• So the problem is that the Bible seems to be calling for bold action to evangelize and persuade others, but women seem to be more interested in more subjective, inward-focused activities that make them happy.
  • Once you get married, unless you’re married to Jan Craig, then you can pretty much kiss your ministry good-bye. You have to uphold your marriage first, and God comes second.
  • What many women want, in my experience, is to make you like them so much that they can control you. But if they see that you are resisting and evaluating them critically, they give up and move on to easier prey. Many women have no intention of trying to help you to achieve your vision. You are just a tool in their toolbox for pursuing happiness.

All these are direct quotes from his post. My problem isn’t that there is absolutely no truth to them–we can find hints of the truth here and there, such as the suggestion that women *tend* towards more emotive expressions of faith, and biblically, the desire to dominate her husband is part of the curse for woman–the problem is the belittling tone and little swipes at several places (“Dan Brown stuff is also popular because it allows them to doubt the Bible when it disagrees with their intuitions.” Are you kidding me?!). He did issue a caveat and did clarify later, but the words above simply overwhelm the caveats and clarifications. When you write stuff like that it makes any caveats appear as mere bits to keep guys like me from crying foul. Maybe I should give him more charity, but the clarifications don’t appear genuine; I’m not buying. That’s why I say that the “unless” part of his post seems a mere afterthought.

The whole thrust of the post was to suggest that women in general can be a drag on a man’s service to God. Choosing a good mate and dating with wisdom was not the focus of his post. If the clarification above is what he meant, then he should have chosen his words more carefully.

For the record, I’m not against using experience as evidence for one’s claim…I’m not even against issuing generalizations and rants (I’ve done so on this blog many a time, mostly in regards to men..as I said in one such post, you sometimes just gotta get it off your chest.), as long as they are somewhat accurate. I just think WK’s claims are near-sighted and they amount to mere assertions and hasty generalizations.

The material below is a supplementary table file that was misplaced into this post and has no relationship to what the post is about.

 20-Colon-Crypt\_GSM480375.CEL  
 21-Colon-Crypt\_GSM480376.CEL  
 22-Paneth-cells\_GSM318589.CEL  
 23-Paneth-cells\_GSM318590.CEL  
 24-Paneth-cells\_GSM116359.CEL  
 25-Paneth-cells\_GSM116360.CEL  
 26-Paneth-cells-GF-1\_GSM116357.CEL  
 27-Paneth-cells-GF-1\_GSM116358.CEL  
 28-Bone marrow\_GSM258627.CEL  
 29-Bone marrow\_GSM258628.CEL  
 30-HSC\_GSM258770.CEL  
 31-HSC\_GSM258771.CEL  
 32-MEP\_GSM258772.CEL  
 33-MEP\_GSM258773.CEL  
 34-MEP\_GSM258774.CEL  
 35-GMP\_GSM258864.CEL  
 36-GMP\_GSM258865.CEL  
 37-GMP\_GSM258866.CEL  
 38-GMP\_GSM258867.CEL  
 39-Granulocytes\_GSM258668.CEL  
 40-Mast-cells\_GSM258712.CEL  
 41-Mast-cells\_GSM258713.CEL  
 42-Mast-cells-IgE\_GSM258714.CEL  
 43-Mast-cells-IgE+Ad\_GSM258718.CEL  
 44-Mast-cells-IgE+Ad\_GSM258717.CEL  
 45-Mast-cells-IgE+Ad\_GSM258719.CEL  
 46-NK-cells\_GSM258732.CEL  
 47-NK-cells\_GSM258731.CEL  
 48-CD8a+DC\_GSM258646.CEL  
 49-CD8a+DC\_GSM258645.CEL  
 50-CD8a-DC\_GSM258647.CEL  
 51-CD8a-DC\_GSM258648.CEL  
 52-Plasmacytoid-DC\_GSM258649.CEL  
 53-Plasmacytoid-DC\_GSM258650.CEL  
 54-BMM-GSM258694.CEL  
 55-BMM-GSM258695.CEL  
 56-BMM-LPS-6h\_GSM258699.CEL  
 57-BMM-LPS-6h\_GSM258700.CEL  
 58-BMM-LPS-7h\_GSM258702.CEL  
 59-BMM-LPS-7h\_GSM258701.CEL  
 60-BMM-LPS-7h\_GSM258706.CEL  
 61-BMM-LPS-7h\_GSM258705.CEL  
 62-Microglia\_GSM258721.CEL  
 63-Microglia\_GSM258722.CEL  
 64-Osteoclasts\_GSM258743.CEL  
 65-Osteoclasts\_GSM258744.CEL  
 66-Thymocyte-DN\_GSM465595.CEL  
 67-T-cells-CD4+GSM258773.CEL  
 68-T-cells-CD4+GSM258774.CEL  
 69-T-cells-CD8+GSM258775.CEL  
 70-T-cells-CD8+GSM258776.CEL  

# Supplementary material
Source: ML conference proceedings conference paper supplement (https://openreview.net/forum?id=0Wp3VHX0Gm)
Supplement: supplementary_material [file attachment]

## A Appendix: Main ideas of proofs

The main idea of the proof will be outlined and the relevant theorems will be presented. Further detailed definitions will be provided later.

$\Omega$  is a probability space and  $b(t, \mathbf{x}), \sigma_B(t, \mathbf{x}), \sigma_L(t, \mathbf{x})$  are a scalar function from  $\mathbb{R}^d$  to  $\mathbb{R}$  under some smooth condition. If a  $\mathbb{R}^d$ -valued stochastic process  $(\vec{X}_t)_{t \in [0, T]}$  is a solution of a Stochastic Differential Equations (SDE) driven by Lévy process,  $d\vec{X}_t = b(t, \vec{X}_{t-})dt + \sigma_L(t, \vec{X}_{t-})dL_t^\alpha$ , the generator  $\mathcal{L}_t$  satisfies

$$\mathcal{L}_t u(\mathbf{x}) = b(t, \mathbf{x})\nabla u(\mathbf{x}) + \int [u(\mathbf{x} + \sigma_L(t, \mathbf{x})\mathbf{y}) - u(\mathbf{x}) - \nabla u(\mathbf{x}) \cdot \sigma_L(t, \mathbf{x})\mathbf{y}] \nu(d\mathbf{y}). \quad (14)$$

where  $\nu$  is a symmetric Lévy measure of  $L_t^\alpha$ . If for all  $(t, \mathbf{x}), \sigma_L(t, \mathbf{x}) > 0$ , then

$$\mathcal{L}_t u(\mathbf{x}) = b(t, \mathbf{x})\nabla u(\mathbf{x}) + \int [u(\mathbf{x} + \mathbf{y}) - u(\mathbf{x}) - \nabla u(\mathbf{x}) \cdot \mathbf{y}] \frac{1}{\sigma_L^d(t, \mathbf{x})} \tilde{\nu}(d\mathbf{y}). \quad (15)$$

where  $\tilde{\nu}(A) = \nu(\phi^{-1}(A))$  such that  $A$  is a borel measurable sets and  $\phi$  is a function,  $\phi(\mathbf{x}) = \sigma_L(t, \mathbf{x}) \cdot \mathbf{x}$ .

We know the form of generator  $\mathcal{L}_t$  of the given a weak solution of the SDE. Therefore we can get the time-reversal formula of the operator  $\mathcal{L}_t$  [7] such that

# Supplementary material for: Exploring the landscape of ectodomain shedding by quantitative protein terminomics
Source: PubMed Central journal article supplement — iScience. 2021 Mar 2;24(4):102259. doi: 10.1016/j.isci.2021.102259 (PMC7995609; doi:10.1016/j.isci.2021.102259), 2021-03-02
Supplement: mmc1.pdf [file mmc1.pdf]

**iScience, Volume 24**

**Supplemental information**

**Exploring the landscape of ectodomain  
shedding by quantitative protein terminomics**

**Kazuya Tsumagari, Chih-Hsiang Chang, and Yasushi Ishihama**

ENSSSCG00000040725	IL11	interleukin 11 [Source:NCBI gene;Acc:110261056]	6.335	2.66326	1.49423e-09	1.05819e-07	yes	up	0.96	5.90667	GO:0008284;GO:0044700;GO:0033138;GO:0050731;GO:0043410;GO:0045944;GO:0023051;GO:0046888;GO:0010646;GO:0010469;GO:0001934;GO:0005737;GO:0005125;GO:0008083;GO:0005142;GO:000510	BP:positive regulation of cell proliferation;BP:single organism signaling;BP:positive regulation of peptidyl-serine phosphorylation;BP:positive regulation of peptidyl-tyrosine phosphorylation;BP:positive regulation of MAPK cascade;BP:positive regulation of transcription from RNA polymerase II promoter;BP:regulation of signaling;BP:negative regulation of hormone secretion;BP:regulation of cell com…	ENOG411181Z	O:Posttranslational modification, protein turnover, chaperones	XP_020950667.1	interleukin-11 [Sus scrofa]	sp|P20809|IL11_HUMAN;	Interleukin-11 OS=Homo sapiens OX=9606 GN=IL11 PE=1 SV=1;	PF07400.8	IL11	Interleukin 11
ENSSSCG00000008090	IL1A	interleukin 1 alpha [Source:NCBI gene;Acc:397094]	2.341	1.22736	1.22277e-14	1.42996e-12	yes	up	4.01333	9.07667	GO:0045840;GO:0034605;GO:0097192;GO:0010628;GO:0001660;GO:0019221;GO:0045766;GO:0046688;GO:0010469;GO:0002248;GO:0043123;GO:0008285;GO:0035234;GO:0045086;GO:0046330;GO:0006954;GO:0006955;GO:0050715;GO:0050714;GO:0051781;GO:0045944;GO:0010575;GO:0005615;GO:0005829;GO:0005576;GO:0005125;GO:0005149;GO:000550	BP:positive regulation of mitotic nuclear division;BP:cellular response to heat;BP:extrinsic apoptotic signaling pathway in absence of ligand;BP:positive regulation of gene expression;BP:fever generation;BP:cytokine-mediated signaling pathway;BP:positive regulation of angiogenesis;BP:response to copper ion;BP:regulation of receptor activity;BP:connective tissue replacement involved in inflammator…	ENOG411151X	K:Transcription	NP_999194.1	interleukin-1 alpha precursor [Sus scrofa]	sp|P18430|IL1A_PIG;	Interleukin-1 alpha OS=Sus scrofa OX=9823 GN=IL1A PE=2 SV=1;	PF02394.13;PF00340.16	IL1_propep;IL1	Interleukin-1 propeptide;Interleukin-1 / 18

Also for the record, I am not suggesting that there are no gender differences in how men and women approach the faith. There is some truth–in my experience–to some of the things WK says. For instance, I have no beef with his suggestion that men choose their mate carefully, and women, in my experience, tend to be more emotive than men. I’ve also run into some men who have been emasculated by feminine influences in their lives. Chew the meat and spit out the bones in his post, if you will–but there are a lot of bones in that there carcass.

Foot in Mouth

Good advice, I reckon:

HT: Verum Serum

Too Set in His Ways?

I was visiting the Boundless Line blog the other day, and a post from Tom Jeffries caught my eye:

I remember several years ago having a conversation with a single coworker about the available bachelors we both knew. She was in her mid- to late-20s at the time, and I mentioned a never-married guy who was probably pushing 40. While this young woman was eager to meet that special someone, she still seemed hesitant. Pressed further, she said it wasn’t the age difference that concerned her, it was the fact that this man — nice as he was — had spent more than half his life as a single adult.

“Most men that age,” she said, “are too set in their ways.”